We were back recently at a favourite grazing spot, variously known as Warung Chilli or Rice & Noodles and sometimes just as the noodle house. It’s at Taman Griya between Jimbaran and Nusa Dua. We like it because the food is great. It’s basically Japanese–Balinese fusion, reflecting the provenance of the family that runs the place. The chicken katsu-don and udon noodle soup are fabulous.
There are other reasons to like the place. It doesn’t pretend to be anything other than what it is: it’s a local eating-house. Its staff all know what they’re doing. They know what you’ve ordered. And they bring it to you with commendable speed. Plus it’s cheap. A winner on all counts, really.
Blogger-about-Bali Vyt Karazija, who like many among the fine and fearless is also to be found on Facebook (we share that and St Kilda as favourite lost causes) had a lovely tale the other day about the cat which came by his Legian digs. He tells it this way:
So a cat wanders into the villa. The only way in is over a 3 metre wall. With monumental insouciance, he stares into the lounge area, climbs a tree, explores the garden and responds to my “Shoo!” and “Get the hell out of here” with utter disdain.
Finally in his own time he leaves by scaling the wall again.
Then I hear running water, and it takes 5 minutes to track down the source. The outdoor shower is running full-bore and I turn it off. But the only way to control that shower is with a lever that hangs straight down in the “off” position, and must be pushed 90 degrees to the right to get water flow. You need hands to move it; paws don’t cut it. There is no way a cat going up a wall can possibly turn that tap.
And yet the damn cat turned on the tap as it left. I am starting to develop a healthy respect for that cat’s ability to achieve engineering impossibilities.
No wonder the ancient Egyptians worshipped them. Maybe cats were the ones who built the pyramids.
Of course they were. We told him: “Get with the program, Vyt. Or the Loud Meow will want to know why.”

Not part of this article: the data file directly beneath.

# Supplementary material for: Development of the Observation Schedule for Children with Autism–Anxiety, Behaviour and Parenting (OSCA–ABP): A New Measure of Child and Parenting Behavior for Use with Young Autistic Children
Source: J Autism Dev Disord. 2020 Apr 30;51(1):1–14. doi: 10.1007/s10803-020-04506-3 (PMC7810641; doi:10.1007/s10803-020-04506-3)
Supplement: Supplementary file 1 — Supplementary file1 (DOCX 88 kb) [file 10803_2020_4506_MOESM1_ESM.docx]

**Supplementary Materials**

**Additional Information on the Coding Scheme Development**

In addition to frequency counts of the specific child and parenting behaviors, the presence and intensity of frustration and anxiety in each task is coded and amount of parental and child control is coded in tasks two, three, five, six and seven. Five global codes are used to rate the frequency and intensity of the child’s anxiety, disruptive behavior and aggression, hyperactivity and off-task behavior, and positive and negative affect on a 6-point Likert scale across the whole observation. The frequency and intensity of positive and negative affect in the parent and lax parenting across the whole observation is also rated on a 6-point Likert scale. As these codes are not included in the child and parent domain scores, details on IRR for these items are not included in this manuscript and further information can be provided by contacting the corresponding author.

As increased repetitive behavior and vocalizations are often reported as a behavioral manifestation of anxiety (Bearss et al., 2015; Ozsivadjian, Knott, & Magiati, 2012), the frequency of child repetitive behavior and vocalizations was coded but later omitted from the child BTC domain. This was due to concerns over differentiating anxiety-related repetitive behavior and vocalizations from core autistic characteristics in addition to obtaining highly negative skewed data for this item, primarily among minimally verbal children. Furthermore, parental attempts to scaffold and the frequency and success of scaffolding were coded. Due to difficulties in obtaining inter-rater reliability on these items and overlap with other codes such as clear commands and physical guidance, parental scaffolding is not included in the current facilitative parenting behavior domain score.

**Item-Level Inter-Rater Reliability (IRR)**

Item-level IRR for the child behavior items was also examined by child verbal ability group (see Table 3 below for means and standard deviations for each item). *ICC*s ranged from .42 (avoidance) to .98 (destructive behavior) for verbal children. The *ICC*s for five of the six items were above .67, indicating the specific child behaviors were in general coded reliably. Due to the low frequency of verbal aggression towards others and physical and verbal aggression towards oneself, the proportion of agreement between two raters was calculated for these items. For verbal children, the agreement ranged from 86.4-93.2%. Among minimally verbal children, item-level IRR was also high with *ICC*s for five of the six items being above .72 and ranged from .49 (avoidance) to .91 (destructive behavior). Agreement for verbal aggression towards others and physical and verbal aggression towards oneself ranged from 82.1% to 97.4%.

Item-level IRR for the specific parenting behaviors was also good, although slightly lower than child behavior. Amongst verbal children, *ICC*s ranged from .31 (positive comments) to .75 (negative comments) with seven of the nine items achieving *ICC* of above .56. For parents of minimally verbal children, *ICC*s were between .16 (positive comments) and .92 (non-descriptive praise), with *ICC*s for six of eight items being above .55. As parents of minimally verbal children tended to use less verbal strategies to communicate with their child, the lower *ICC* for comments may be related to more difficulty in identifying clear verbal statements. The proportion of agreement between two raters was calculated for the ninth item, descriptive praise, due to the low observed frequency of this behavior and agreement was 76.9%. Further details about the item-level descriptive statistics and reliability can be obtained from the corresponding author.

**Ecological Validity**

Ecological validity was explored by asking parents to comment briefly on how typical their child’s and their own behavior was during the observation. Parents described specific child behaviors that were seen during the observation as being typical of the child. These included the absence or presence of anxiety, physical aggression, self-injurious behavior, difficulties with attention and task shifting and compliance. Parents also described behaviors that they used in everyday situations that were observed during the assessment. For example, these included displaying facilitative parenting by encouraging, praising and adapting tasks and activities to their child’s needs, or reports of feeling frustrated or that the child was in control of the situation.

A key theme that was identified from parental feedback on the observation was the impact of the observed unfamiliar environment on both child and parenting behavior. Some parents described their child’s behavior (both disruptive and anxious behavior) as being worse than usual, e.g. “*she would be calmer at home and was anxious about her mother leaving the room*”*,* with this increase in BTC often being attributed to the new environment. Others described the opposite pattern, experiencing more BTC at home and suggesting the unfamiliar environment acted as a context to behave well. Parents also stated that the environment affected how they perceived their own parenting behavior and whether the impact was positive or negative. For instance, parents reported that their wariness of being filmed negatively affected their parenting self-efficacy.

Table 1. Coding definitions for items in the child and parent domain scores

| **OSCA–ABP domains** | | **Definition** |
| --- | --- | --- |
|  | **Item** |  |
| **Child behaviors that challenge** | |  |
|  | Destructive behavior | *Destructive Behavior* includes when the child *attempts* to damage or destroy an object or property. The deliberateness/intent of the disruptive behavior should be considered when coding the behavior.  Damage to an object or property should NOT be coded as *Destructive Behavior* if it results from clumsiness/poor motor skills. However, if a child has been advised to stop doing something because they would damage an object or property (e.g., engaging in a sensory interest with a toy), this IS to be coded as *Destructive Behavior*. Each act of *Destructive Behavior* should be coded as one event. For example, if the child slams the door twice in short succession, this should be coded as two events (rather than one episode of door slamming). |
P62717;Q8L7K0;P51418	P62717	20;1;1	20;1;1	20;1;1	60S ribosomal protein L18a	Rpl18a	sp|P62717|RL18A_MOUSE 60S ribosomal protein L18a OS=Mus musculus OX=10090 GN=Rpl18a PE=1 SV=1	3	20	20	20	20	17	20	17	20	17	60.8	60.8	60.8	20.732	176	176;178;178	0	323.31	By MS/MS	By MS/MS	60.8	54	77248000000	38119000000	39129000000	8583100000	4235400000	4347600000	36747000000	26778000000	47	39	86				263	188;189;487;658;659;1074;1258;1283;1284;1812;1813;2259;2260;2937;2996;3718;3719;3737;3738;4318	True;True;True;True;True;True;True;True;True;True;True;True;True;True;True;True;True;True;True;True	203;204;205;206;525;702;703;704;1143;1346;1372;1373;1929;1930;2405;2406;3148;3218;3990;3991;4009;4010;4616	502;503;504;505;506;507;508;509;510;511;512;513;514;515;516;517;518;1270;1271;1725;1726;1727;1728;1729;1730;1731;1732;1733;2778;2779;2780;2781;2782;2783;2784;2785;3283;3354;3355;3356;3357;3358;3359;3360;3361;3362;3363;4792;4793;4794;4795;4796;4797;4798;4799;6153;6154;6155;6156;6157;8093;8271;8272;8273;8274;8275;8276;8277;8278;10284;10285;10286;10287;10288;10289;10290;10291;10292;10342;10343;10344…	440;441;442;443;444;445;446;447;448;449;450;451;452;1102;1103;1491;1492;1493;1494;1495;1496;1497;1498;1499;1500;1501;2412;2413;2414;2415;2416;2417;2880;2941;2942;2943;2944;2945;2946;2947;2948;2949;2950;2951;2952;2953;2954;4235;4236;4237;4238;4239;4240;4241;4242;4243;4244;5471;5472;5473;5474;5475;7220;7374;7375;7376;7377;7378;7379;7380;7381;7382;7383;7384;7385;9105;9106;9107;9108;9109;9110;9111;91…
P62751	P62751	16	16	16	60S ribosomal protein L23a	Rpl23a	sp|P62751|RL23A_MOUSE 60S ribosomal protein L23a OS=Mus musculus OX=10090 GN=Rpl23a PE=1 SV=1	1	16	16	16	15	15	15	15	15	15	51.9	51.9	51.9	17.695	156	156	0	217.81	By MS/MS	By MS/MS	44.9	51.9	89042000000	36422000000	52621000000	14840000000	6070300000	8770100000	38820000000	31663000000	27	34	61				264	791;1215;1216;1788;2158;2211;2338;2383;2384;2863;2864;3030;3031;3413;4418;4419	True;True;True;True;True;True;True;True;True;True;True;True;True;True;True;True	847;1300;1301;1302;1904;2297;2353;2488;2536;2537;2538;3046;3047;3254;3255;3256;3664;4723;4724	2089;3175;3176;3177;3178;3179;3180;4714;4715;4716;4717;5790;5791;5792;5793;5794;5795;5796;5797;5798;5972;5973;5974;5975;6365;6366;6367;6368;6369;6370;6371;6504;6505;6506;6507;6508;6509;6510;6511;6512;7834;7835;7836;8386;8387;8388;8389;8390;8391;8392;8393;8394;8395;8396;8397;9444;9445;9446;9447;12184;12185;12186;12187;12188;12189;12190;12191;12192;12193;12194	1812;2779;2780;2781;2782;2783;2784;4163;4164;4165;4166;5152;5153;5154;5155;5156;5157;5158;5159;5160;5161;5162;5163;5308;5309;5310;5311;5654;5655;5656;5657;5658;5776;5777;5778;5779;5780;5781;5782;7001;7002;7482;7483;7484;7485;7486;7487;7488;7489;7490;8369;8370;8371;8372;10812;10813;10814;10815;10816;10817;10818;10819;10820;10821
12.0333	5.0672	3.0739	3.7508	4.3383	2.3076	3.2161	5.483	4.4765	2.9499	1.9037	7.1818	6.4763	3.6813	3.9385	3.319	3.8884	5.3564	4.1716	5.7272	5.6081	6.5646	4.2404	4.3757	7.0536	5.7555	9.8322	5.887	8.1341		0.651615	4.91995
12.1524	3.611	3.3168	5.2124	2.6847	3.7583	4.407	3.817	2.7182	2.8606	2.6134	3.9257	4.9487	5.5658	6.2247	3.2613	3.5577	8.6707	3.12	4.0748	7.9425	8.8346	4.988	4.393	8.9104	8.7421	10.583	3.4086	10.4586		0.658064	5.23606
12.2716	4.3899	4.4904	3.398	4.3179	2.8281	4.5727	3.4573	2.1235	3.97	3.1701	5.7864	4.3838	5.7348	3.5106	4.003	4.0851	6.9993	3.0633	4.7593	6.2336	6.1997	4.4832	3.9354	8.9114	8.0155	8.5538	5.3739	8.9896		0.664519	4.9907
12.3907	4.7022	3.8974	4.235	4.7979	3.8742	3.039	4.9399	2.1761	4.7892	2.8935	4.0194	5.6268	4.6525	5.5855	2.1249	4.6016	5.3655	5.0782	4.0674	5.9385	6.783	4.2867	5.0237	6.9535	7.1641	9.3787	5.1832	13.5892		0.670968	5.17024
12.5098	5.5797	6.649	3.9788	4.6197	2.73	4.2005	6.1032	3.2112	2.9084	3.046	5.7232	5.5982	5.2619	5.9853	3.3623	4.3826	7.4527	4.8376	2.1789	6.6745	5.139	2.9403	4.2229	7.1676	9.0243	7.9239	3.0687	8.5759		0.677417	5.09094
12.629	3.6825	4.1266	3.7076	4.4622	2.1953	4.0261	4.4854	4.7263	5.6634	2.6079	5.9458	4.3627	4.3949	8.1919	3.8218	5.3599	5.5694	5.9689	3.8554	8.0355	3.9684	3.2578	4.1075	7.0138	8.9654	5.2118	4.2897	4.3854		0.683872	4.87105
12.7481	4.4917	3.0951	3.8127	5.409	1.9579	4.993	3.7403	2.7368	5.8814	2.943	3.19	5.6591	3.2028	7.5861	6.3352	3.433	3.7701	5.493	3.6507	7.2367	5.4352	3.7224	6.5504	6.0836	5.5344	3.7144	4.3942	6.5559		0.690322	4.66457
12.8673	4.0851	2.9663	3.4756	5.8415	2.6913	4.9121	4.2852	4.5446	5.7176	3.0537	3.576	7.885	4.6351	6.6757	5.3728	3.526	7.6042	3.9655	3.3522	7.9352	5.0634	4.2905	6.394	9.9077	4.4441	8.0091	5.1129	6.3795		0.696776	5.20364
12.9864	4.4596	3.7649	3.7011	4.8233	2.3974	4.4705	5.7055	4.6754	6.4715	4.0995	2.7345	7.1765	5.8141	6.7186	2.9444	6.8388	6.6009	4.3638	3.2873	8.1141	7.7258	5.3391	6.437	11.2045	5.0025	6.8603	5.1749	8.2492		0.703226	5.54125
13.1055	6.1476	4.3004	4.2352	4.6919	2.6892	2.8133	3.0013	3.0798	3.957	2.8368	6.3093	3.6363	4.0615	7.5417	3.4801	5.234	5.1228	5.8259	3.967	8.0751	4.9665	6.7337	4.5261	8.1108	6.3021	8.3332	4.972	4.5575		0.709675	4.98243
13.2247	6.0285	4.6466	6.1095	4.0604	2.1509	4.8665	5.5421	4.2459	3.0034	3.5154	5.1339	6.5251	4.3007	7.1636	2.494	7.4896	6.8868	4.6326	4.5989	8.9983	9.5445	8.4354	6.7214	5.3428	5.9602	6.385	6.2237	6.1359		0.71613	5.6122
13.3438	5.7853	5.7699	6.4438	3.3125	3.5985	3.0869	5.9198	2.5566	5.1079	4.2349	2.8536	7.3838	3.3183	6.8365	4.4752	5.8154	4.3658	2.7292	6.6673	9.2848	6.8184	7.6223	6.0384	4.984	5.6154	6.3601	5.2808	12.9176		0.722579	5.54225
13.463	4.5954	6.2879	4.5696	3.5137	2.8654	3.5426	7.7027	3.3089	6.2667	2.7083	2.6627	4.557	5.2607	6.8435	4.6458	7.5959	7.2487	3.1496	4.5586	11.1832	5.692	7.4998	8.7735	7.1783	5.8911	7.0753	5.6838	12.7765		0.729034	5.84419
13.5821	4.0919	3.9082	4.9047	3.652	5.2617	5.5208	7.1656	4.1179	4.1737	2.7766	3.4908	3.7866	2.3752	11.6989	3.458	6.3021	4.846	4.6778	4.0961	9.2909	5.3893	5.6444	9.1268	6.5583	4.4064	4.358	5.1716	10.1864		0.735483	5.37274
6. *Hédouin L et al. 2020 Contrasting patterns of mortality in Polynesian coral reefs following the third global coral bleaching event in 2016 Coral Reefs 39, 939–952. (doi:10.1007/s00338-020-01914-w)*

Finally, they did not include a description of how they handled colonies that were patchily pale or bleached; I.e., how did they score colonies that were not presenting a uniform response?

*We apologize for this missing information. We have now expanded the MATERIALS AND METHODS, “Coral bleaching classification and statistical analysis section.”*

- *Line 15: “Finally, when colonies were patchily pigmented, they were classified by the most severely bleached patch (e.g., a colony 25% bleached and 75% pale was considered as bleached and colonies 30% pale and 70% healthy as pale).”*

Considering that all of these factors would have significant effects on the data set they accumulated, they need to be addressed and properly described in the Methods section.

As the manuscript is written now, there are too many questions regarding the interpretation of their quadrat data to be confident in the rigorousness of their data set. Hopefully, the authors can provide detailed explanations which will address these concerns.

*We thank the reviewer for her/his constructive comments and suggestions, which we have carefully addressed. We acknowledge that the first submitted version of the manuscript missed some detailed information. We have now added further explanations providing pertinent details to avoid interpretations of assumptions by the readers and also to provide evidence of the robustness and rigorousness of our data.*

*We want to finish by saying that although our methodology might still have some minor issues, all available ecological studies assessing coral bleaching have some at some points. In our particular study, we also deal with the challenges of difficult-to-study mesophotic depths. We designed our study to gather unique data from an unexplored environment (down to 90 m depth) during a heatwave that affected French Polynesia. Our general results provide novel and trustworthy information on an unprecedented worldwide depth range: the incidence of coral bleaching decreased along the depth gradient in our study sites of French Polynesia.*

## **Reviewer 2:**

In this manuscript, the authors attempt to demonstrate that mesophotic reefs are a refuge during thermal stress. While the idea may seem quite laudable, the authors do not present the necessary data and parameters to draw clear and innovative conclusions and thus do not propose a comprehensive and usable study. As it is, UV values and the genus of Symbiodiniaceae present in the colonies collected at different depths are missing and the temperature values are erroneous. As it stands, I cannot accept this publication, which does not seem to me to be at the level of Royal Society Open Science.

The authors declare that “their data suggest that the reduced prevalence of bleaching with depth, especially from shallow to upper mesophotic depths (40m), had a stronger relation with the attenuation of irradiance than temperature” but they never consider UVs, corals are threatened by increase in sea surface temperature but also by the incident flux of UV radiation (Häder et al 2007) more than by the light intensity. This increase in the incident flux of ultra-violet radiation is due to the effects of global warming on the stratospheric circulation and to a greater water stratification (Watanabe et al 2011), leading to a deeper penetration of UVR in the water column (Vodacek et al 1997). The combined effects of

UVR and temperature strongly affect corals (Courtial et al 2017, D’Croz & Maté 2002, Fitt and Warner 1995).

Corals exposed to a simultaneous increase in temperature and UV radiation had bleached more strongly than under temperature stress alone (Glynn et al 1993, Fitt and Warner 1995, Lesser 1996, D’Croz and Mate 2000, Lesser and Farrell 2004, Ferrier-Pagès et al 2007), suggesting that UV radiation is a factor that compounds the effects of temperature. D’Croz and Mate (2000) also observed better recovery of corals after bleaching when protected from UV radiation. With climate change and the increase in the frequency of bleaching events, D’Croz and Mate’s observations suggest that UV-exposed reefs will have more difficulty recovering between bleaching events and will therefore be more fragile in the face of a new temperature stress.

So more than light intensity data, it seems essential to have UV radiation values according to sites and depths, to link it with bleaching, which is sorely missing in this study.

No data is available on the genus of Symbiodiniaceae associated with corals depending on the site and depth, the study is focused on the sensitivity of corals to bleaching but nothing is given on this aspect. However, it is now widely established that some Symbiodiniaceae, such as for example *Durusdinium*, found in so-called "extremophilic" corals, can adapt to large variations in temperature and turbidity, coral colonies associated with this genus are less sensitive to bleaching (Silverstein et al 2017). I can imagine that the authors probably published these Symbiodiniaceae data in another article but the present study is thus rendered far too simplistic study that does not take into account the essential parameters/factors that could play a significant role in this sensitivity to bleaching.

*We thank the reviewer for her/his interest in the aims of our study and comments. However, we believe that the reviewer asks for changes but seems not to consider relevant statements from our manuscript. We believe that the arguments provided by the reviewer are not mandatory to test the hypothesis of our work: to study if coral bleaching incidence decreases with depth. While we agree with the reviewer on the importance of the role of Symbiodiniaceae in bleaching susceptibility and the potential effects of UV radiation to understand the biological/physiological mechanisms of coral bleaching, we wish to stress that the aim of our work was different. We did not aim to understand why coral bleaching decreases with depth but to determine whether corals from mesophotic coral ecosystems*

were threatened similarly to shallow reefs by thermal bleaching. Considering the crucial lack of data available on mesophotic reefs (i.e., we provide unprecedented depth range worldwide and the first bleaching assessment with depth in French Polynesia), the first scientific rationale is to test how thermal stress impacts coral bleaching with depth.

Very Important imPediments
We are, we suppose, glad in a way that Bali is to host the 2013 APEC CEO Summit. It will focus the world output of 10-second grabs and sound-bites on our beautiful little island for a nano-second and may even encourage some among the global media to go off and find stories they haven’t been spoon-fed by the PR machines. Plus we’ve got the Dewa Ruci underpass and that new aquatic playground, the Sanur-Nusa Dua toll road, as lasting memorials to the great jamboree.
The VIP lads and lasses are only going to be here for a day or so. But neither we nor those who manage the world’s airline schedules are going to miss the impact of their fleeting presence, since it will seriously disrupt that other time-delayed wonder, the Work-In-Progress International Airport.
This is because to accommodate the very important travel schedules of these honoured jests (oops, guests), the airport will be closed to normal traffic for significant portions of four days: Oct. 5 and 6 (from 10am both days until 4pm on Oct. 5 and 8pm on Oct. 6) and Oct. 8 and 9 (again from 10am both days until 8pm on Oct. 8 and 4pm on Oct. 9). That’s six hours or 10 hours a day, not counting Indonesia’s gift to the world, jam karet (rubber time).
It hasn’t been explained why this is necessary. It isn’t, of course. Other places manage to do these things with minimal disruption.
Hard Yards, Great Result
Sole Men, the charity group inspired by entrepreneur Robert Epstone, has done it again, this time with the help of the Hard Rock Hotel at Kuta, which takes its community service obligations very seriously indeed.
Over the last weekend of July they had a rave (if people still do that; it could be so yesterday for all we know) over two nights including body painting by Yaari, sexy dancing by outrageous Go Go Dancers, with MC Dee on hand and lots of live music headed by Indonesian super-group Superman is Dead.
Other sponsors were Heineken Beer and Plaga wines. Money raised – it was still being counted when the Diary hit deadline – will go towards proper housing for two poor Denpasar families who are supporting their seven severely disabled children.
Epstone tells us builder Nevhouses has said it will build two dwellings on land Sole Men are acquiring in Denpasar. As he says, given this level of support from all over, you can’t lose.
Hector may be contacted at firstname.lastname@example.org. He tweets @scratchings.